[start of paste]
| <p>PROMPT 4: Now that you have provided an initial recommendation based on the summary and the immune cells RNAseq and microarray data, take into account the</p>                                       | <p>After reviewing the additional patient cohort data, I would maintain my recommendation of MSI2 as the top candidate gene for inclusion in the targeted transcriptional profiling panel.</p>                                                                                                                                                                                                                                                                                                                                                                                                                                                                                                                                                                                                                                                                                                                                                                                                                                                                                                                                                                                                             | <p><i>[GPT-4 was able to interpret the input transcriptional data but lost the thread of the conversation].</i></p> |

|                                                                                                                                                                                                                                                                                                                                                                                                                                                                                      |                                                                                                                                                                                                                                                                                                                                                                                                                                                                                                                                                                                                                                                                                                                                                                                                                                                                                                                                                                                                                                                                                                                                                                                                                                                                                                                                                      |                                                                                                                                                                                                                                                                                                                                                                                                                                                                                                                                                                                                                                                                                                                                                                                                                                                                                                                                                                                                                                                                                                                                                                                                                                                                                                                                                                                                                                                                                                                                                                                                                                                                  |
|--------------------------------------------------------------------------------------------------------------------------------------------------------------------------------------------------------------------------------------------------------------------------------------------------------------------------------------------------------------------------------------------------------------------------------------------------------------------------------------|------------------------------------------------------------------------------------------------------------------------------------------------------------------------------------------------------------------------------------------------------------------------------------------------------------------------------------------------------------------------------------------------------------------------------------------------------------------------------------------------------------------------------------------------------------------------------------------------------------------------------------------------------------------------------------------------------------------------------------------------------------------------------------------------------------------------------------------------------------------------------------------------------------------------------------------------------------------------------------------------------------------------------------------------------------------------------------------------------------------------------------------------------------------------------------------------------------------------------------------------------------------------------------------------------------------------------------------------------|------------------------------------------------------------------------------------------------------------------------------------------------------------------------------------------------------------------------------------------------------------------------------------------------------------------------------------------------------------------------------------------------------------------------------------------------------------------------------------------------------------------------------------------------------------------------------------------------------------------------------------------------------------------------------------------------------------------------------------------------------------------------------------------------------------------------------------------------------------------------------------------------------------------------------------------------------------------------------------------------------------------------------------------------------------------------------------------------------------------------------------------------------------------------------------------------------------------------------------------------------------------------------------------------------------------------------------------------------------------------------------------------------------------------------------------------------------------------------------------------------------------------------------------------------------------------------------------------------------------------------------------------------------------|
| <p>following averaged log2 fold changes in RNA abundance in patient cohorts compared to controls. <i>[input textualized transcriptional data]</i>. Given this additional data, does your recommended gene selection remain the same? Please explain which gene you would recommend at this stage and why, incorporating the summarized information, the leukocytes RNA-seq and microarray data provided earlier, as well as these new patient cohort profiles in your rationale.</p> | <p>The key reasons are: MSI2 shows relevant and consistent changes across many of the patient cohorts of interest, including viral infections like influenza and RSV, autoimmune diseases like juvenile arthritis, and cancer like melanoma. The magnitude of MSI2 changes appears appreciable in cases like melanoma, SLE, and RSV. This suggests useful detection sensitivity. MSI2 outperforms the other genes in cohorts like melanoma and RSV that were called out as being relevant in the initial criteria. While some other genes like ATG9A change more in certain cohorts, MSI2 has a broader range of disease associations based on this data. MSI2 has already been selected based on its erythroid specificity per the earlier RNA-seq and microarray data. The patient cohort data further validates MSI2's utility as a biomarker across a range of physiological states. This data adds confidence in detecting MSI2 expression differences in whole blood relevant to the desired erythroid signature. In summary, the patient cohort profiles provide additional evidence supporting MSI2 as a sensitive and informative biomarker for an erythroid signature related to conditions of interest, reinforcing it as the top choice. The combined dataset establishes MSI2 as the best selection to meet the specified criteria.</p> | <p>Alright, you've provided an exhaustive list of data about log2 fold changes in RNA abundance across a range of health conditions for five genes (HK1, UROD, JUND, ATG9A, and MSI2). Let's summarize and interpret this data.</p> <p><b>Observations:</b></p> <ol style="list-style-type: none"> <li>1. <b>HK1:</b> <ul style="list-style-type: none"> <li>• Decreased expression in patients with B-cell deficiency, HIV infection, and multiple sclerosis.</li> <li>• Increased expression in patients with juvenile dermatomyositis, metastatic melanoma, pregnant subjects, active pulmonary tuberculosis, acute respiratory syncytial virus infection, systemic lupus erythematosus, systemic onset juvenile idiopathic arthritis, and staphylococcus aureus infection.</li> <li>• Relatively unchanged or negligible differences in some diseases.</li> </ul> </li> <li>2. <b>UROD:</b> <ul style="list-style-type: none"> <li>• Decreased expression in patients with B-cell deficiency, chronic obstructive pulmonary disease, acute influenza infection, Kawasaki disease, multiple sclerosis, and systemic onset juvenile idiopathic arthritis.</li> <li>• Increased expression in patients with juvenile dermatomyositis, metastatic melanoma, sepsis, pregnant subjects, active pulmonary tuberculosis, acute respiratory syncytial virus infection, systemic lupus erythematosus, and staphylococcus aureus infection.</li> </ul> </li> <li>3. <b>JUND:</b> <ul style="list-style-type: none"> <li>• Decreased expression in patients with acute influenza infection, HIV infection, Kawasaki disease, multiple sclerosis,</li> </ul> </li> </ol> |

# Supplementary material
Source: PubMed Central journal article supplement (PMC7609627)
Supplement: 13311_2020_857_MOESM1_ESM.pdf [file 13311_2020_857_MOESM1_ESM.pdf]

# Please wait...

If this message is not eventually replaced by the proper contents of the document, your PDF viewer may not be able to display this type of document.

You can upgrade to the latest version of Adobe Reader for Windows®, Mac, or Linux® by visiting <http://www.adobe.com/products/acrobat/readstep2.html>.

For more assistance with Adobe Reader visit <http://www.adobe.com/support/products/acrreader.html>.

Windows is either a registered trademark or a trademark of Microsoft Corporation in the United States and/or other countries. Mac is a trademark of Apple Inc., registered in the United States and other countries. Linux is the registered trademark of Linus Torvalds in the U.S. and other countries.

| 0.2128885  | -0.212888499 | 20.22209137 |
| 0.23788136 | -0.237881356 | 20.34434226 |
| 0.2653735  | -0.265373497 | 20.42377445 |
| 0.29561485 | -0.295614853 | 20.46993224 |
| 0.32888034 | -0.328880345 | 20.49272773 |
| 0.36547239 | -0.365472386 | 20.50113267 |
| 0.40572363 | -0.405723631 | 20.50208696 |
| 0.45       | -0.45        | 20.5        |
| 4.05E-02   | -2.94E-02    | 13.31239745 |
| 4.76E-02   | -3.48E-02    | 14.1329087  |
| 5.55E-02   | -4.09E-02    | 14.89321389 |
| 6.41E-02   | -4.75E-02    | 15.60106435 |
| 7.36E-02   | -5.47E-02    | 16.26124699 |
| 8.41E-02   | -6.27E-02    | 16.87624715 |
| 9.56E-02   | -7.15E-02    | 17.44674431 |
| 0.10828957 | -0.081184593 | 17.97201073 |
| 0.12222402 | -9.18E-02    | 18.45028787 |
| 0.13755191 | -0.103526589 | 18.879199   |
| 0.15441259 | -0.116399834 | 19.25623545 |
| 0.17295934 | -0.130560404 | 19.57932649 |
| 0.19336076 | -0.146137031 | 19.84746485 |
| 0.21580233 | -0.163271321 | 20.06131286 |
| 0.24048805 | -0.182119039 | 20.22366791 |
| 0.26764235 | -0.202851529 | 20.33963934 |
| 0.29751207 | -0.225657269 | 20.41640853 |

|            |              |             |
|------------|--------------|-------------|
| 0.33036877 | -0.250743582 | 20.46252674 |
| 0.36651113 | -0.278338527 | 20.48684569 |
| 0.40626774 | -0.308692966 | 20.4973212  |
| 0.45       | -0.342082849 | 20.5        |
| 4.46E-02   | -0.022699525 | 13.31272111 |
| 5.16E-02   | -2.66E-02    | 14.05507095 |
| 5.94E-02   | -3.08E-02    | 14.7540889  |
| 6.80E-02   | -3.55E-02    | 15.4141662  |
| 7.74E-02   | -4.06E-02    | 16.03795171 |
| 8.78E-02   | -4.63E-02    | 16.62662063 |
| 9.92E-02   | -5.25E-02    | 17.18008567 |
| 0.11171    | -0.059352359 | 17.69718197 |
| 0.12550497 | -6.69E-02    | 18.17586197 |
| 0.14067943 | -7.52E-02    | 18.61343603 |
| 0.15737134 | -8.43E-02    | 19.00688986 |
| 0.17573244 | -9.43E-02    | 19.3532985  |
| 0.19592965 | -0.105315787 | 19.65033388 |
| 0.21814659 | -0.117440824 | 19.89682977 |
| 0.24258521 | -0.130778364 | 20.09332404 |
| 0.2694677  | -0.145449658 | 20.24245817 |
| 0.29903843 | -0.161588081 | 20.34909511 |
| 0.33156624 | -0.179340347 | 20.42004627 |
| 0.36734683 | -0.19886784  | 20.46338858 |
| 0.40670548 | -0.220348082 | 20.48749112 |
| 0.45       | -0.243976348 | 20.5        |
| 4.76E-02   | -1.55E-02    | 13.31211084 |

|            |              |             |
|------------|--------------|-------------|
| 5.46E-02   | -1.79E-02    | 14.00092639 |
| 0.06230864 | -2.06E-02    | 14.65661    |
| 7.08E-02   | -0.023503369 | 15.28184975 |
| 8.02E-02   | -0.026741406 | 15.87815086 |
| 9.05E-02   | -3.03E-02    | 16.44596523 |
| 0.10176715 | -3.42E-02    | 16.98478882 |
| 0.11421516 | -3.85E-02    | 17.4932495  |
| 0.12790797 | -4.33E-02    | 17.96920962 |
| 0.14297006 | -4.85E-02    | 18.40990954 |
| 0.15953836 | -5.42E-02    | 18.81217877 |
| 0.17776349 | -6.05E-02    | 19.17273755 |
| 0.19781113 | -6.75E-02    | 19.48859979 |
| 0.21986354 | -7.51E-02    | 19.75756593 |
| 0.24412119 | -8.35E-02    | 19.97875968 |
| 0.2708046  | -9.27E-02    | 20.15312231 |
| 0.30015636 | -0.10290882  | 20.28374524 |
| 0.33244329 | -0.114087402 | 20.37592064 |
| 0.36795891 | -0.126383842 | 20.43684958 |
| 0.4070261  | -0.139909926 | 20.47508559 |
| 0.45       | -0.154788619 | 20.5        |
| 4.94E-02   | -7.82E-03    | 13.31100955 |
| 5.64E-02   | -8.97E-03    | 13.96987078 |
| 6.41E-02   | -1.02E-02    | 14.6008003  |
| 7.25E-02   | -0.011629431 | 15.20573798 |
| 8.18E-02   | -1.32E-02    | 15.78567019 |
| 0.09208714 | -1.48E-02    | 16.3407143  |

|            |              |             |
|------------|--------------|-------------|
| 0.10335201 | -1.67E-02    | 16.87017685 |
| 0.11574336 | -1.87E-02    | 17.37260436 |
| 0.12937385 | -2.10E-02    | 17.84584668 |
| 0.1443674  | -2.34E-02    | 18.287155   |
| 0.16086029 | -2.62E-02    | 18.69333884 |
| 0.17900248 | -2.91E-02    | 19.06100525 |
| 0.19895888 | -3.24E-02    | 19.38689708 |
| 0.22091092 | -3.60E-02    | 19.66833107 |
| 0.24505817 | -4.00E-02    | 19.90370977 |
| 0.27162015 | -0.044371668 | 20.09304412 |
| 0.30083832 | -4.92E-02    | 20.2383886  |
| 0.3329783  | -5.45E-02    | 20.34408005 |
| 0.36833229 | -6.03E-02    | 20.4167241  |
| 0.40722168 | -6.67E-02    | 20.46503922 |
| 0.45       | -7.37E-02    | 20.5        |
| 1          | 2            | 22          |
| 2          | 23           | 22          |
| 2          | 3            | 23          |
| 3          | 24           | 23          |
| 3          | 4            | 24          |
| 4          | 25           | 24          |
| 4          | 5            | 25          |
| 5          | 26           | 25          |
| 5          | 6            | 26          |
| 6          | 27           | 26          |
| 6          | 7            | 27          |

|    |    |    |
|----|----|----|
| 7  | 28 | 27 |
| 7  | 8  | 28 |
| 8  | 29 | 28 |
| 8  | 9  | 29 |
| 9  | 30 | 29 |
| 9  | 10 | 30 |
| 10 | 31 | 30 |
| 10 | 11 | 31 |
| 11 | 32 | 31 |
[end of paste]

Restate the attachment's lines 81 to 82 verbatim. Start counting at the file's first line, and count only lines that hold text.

| 0.24412119 | -8.35E-02    | 19.97875968 |
| 0.2708046  | -9.27E-02    | 20.15312231 |